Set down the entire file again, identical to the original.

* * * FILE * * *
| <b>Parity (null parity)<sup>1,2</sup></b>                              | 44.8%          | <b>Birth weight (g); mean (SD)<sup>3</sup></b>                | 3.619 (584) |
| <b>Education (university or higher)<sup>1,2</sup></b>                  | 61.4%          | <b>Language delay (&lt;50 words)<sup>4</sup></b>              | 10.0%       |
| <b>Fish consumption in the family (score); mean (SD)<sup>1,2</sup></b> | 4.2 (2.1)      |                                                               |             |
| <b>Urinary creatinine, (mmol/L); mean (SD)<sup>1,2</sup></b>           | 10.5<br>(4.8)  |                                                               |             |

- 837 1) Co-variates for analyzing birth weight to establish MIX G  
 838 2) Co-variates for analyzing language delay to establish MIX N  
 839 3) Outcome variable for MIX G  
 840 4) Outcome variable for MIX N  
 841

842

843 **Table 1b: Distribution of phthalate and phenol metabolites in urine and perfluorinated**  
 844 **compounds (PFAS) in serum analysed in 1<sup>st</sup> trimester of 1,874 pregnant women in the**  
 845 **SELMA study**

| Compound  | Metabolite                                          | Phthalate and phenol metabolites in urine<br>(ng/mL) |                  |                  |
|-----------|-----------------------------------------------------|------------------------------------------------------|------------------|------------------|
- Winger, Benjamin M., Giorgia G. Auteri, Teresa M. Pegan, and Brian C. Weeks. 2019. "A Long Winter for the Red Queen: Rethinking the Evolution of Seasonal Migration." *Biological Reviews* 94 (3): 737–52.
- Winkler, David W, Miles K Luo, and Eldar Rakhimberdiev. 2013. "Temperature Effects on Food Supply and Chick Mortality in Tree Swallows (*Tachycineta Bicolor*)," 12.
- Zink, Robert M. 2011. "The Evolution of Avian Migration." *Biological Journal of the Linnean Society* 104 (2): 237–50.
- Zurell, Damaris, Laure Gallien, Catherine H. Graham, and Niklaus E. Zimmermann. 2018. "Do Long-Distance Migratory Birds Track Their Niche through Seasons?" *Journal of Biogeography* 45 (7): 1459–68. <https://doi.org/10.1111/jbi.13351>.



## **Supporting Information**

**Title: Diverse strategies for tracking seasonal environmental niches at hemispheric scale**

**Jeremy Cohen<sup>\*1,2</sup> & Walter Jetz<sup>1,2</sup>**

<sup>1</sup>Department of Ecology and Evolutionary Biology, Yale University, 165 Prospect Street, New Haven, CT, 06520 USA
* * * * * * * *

| <b>Parity (null parity)<sup>1,2</sup></b>                              | 44.8%          | <b>Birth weight (g); mean (SD)<sup>3</sup></b>                | 3.619 (584) |
| <b>Education (university or higher)<sup>1,2</sup></b>                  | 61.4%          | <b>Language delay (&lt;50 words)<sup>4</sup></b>              | 10.0%       |
| <b>Fish consumption in the family (score); mean (SD)<sup>1,2</sup></b> | 4.2 (2.1)      |                                                               |             |
| <b>Urinary creatinine, (mmol/L); mean (SD)<sup>1,2</sup></b>           | 10.5<br>(4.8)  |                                                               |             |

- 837 1) Co-variates for analyzing birth weight to establish MIX G  
 838 2) Co-variates for analyzing language delay to establish MIX N  
 839 3) Outcome variable for MIX G  
 840 4) Outcome variable for MIX N  
 841

842

843 **Table 1b: Distribution of phthalate and phenol metabolites in urine and perfluorinated**  
 844 **compounds (PFAS) in serum analysed in 1<sup>st</sup> trimester of 1,874 pregnant women in the**  
 845 **SELMA study**

| Compound  | Metabolite                                          | Phthalate and phenol metabolites in urine<br>(ng/mL) |                  |                  |
|-----------|-----------------------------------------------------|------------------------------------------------------|------------------|------------------|
- Winger, Benjamin M., Giorgia G. Auteri, Teresa M. Pegan, and Brian C. Weeks. 2019. "A Long Winter for the Red Queen: Rethinking the Evolution of Seasonal Migration." *Biological Reviews* 94 (3): 737–52.
- Winkler, David W, Miles K Luo, and Eldar Rakhimberdiev. 2013. "Temperature Effects on Food Supply and Chick Mortality in Tree Swallows (*Tachycineta Bicolor*)," 12.
- Zink, Robert M. 2011. "The Evolution of Avian Migration." *Biological Journal of the Linnean Society* 104 (2): 237–50.
- Zurell, Damaris, Laure Gallien, Catherine H. Graham, and Niklaus E. Zimmermann. 2018. "Do Long-Distance Migratory Birds Track Their Niche through Seasons?" *Journal of Biogeography* 45 (7): 1459–68. <https://doi.org/10.1111/jbi.13351>.



## **Supporting Information**

**Title: Diverse strategies for tracking seasonal environmental niches at hemispheric scale**

**Jeremy Cohen<sup>\*1,2</sup> & Walter Jetz<sup>1,2</sup>**

<sup>1</sup>Department of Ecology and Evolutionary Biology, Yale University, 165 Prospect Street, New Haven, CT, 06520 USA